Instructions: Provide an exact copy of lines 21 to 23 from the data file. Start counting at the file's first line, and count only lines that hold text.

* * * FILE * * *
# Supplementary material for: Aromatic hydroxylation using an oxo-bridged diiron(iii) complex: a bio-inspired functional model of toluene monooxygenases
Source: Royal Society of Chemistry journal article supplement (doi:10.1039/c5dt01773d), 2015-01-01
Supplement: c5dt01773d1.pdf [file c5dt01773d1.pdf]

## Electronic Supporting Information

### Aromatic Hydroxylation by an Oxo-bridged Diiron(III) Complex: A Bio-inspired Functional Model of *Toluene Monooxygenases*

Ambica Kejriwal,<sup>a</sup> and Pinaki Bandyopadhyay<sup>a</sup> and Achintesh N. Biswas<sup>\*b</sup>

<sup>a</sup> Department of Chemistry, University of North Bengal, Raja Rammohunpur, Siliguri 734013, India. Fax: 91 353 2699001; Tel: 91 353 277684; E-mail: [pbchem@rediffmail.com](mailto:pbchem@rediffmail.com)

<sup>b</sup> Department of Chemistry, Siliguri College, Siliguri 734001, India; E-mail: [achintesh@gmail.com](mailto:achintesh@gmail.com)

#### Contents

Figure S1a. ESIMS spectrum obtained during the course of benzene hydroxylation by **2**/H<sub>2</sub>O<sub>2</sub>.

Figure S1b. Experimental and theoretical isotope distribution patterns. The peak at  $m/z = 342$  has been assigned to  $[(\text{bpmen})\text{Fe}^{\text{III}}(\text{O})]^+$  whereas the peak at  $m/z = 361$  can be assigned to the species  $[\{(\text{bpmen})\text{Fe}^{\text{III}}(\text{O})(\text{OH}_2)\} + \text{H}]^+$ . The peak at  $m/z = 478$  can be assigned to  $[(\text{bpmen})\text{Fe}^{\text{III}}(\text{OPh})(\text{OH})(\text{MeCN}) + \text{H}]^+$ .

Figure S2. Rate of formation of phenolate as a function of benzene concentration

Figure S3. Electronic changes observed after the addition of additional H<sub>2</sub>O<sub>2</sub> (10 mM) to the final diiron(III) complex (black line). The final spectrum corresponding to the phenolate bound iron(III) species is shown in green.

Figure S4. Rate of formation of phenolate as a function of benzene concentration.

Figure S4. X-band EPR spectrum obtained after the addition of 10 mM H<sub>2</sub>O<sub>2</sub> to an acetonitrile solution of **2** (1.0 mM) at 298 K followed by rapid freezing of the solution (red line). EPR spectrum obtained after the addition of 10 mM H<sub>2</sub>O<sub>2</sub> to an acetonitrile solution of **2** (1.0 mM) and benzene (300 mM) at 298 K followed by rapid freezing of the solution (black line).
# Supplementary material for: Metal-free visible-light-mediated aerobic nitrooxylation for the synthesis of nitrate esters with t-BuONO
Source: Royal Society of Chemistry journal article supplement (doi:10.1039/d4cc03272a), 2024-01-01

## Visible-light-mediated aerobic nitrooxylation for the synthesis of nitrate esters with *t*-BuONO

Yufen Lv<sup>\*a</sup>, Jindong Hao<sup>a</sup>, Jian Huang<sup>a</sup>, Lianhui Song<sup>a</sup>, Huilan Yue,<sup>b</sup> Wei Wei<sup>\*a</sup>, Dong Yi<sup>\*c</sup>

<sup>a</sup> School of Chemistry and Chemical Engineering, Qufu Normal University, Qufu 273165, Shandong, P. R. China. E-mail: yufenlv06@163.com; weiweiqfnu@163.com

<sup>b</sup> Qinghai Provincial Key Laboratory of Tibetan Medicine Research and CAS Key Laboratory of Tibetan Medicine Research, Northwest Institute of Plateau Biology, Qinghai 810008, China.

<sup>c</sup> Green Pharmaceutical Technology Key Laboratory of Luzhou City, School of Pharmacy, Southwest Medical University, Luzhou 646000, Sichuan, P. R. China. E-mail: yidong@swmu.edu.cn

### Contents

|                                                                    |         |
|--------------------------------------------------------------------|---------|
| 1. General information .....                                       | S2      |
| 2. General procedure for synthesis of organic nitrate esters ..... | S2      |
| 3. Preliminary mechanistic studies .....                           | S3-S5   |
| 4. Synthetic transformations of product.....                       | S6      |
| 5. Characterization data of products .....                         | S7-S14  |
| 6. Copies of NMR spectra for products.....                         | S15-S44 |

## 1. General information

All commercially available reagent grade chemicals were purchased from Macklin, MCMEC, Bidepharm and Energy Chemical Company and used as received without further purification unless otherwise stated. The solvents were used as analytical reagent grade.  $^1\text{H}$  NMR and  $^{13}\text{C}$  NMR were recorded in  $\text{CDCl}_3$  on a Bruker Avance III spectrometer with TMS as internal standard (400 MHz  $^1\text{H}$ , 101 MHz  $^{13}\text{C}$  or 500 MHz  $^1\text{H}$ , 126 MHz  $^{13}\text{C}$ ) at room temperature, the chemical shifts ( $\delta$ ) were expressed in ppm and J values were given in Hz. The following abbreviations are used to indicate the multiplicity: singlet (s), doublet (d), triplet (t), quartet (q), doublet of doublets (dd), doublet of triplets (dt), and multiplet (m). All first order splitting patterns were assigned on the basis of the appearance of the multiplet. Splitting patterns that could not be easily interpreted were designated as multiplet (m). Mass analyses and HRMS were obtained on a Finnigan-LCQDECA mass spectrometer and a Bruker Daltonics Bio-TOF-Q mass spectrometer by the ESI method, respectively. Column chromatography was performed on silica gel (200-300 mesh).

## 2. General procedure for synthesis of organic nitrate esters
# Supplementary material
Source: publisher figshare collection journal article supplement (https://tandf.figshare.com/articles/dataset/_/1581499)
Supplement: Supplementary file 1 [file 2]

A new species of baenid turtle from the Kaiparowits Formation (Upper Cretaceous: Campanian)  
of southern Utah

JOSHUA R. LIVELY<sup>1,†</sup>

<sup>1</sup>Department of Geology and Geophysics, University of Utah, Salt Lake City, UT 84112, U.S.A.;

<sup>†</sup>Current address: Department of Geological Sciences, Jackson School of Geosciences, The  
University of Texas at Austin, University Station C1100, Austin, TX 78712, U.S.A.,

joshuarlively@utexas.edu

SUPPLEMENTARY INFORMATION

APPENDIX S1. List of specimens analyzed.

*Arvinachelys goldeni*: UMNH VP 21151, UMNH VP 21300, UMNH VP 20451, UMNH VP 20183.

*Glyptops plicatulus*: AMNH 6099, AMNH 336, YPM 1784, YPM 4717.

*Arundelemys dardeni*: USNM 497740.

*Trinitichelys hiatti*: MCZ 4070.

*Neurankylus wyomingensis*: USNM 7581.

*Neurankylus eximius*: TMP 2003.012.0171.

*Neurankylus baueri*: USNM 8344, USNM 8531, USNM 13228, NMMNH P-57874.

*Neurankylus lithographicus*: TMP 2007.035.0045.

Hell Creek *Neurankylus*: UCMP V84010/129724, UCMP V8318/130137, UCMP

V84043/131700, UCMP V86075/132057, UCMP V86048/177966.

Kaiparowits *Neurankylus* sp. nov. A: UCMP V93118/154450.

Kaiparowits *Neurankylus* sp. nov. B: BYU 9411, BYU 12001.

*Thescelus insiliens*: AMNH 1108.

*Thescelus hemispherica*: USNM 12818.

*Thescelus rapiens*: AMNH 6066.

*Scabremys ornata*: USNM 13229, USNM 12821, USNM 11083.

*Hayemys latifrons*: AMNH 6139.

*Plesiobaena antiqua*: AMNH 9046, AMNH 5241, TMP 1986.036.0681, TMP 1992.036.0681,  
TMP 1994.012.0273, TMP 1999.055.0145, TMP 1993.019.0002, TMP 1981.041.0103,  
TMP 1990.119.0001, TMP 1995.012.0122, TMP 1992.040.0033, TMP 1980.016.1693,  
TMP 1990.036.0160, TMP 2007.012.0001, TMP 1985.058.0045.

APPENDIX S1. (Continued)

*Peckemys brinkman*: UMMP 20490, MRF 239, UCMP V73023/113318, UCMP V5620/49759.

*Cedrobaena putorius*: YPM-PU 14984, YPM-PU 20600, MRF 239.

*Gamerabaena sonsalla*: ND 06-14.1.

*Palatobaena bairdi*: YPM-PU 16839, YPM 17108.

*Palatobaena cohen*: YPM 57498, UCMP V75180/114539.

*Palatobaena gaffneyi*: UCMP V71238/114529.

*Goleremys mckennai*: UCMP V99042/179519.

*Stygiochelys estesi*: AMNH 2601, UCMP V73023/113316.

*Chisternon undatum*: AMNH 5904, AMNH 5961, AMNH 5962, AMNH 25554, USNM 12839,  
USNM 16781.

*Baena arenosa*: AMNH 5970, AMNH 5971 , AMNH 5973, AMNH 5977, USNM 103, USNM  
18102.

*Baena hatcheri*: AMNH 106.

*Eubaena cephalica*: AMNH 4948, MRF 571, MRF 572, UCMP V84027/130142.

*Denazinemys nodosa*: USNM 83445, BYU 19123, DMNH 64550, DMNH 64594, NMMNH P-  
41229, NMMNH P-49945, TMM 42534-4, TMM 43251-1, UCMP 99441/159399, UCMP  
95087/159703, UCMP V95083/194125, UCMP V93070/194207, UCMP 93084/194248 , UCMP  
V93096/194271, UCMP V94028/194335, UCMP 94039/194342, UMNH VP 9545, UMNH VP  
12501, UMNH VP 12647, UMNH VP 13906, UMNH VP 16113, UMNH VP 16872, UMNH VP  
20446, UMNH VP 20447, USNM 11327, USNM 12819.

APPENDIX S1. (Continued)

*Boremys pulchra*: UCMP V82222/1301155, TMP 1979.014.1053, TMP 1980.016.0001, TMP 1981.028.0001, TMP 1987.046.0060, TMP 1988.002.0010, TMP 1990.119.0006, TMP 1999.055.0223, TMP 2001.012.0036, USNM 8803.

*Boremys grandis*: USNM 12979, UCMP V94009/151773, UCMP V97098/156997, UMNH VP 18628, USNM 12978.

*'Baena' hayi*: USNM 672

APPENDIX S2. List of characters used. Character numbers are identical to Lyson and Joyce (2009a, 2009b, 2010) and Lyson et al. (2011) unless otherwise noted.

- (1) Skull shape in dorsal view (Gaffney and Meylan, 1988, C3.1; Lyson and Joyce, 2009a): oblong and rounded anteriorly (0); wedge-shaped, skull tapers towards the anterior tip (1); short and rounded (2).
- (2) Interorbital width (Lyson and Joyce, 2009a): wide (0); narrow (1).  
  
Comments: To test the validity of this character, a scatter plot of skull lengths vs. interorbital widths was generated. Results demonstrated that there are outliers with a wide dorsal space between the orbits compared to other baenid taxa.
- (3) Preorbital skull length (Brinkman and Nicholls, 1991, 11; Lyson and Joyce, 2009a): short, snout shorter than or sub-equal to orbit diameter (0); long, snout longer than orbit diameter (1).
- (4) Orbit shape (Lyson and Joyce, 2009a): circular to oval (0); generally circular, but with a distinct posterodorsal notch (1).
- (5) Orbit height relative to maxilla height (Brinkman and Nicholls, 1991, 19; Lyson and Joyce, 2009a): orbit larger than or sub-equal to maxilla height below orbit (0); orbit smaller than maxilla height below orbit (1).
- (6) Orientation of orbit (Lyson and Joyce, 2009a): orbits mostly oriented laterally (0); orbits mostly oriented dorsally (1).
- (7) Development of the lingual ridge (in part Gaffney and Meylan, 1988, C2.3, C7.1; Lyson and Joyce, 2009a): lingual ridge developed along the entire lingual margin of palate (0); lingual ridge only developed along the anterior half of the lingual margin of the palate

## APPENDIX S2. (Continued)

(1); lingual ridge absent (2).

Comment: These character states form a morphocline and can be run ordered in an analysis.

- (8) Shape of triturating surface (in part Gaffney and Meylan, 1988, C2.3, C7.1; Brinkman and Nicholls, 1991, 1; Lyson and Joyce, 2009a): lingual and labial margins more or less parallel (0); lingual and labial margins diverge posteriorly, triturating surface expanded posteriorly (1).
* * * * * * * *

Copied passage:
<sup>b</sup> Qinghai Provincial Key Laboratory of Tibetan Medicine Research and CAS Key Laboratory of Tibetan Medicine Research, Northwest Institute of Plateau Biology, Qinghai 810008, China.

<sup>c</sup> Green Pharmaceutical Technology Key Laboratory of Luzhou City, School of Pharmacy, Southwest Medical University, Luzhou 646000, Sichuan, P. R. China. E-mail: yidong@swmu.edu.cn

### Contents